- Be safe with medicines. Read and follow all instructions on the label.
- If you are not taking a prescription pain medicine, ask your doctor if you can take an over- the-counter medicine.
- If the doctor gave you a prescription medicine for pain, take it as prescribed.
- Store your prescription pain medicines where no one else can get to them. When you are done using them, dispose of them quickly and safely. Your local pharmacy or hospital may have a drop-off site.
- If your doctor prescribed antibiotics, take them as directed. Do not stop taking them just because you feel better. You need to take the full course of antibiotics.
- If you think your pain medicine is making you sick to your stomach:
- Take your medicine after meals (unless your doctor has told you not to).
- Ask your doctor for a different pain medicine.
- You will have a drip pad under your nose to collect blood. Change it only when it has bled through. You may have to do this every hour for 24 hours after surgery. When bleeding stops, you can remove it.
- If you have packing in your nose, leave it in. Your doctor will take it out.
Ice and elevation
- To help with swelling and pain, put ice or a cold pack on your nose for 10 to 20 minutes at a time. Put a thin cloth between the ice and your skin.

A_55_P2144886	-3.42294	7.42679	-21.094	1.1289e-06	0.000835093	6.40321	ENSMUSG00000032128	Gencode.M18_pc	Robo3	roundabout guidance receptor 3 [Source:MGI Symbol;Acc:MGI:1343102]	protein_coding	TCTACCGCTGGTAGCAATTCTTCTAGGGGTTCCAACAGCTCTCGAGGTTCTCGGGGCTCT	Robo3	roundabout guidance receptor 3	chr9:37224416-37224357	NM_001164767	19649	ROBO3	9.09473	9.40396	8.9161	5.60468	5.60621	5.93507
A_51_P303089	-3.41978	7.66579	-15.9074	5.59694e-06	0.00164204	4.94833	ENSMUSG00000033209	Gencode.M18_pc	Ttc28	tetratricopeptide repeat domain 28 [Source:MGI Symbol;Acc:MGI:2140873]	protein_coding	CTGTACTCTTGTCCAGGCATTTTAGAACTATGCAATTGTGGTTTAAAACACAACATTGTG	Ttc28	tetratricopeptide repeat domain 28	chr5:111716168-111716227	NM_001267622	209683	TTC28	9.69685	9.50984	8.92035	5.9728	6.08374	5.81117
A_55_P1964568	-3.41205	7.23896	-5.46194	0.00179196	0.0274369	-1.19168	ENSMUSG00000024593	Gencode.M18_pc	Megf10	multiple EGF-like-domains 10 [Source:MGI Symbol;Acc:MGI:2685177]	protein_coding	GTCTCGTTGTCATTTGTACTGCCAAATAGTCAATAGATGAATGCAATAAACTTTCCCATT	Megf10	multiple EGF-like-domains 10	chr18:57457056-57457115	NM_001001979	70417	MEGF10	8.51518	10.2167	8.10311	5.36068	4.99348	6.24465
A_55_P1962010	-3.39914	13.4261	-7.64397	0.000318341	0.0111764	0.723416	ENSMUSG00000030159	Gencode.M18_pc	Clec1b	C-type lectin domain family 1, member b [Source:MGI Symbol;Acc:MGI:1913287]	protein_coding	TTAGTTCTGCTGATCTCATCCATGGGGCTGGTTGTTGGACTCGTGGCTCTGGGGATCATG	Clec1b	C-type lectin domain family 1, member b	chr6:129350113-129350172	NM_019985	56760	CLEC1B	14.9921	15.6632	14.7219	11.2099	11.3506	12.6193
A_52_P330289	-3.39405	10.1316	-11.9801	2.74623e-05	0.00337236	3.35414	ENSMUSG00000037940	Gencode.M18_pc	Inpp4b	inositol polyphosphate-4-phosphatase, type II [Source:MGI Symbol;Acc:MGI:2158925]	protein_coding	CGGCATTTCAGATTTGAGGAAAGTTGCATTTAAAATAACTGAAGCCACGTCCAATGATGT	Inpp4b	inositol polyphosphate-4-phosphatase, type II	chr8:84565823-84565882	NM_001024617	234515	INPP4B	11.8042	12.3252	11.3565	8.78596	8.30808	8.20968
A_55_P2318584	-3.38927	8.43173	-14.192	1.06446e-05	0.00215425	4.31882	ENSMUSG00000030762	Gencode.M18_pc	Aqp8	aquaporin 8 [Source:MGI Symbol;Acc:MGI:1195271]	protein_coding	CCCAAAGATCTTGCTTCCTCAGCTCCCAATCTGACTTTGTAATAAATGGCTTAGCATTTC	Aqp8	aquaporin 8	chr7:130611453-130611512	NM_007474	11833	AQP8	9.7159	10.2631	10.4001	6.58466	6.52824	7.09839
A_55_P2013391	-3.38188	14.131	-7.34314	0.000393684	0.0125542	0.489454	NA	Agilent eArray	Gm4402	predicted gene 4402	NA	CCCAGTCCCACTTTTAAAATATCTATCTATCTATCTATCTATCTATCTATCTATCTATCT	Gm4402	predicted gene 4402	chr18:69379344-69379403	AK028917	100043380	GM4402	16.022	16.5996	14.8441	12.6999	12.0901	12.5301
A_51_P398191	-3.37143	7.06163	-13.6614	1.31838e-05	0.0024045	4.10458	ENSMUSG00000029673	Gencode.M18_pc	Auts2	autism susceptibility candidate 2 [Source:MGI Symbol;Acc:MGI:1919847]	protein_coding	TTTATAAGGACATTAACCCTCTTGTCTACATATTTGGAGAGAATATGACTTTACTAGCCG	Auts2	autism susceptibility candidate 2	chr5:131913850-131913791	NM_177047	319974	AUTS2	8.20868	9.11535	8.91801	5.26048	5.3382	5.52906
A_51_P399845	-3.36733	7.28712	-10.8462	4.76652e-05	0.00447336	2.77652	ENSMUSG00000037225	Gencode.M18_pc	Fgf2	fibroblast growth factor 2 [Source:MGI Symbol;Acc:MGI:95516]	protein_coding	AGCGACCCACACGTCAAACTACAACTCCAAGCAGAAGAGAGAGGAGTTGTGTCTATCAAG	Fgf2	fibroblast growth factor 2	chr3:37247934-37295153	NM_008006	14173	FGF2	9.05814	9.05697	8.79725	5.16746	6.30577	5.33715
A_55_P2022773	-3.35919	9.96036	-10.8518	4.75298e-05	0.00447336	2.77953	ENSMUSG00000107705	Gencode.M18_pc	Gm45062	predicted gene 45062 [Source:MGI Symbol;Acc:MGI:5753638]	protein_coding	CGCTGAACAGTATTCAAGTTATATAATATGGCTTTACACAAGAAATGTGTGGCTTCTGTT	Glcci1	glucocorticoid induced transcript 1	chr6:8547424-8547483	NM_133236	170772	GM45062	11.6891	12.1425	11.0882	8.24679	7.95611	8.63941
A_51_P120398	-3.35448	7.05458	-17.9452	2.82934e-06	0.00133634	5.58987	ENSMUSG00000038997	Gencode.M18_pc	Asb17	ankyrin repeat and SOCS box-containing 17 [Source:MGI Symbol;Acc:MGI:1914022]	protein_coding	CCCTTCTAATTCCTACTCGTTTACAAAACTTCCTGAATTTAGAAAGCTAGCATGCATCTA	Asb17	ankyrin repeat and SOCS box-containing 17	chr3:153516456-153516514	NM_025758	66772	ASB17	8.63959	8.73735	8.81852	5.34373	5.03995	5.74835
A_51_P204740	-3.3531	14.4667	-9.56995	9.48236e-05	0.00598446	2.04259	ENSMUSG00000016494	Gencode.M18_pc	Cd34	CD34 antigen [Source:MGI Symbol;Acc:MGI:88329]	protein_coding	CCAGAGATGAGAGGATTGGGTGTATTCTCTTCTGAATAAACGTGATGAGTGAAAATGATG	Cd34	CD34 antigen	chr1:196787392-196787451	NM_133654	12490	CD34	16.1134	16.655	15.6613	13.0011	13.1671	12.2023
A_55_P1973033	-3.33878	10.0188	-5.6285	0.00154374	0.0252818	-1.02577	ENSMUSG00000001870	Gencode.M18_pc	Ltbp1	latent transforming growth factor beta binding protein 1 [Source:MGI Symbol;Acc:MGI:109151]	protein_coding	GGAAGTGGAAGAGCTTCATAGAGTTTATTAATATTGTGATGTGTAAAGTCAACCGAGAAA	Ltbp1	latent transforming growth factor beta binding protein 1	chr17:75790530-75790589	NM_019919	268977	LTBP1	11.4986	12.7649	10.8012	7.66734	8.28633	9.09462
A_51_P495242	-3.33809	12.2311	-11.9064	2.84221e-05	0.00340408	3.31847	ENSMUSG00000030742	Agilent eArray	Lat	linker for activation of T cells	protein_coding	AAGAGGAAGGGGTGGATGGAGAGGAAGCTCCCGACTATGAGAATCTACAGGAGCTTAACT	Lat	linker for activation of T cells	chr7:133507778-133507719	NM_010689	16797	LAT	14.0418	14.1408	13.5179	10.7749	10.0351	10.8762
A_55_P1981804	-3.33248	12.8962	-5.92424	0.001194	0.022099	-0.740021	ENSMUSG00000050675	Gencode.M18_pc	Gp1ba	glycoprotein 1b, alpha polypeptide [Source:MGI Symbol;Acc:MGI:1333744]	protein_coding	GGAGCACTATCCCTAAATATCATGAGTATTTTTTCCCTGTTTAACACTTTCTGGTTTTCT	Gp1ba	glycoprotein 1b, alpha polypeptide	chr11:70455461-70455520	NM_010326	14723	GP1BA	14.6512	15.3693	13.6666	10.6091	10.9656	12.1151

- Sleep with your head raised up. You can also sleep in a reclining chair.
- Do not blow your nose for 1 week after surgery.
- Do not put anything into your nose.
- If you must sneeze, open your mouth and sneeze naturally.
- Use saline (saltwater) nasal washes to help keep your nasal passages open and wash out mucus and dried blood. You can buy saline nose sprays at a grocery store or drugstore. Follow the instructions on the package. Or you can make your own at home. Add 1 teaspoon of salt and 1 teaspoon of baking soda to 2 cups of distilled or boiled and cooled water. Fill a squeeze bottle with the nasal wash. Then put the tip into your nostril, and lean over the sink. With your mouth open, gently squirt the liquid. Repeat on the other side.
- You can wear your glasses when you wish. Do not wear contacts until the day after the surgery.
Follow-up care is a key part of your treatment and safety. Be sure to make and go to all appointments, and call your doctor if you are having problems. It's also a good idea to know your test results and keep a list of the medicines you take.
When should you call for help?
Call 911 anytime you think you may need emergency care. For example, call if:
- You passed out (lost consciousness).
- You have severe trouble breathing.
Call your doctor now or seek immediate medical care if:
- You have changes in your vision or lots of sudden swelling around your eyes.
- You have constant clear, watery discharge from your nose.
- You bleed through the bandage more quickly than what you've been told is normal.
- You have a new or worse fever.
Watch closely for any changes in your health, and be sure to contact your doctor if:
- You have pain that does not get better after you take pain medicine.
- You do not get better as expected.
Where can you learn more?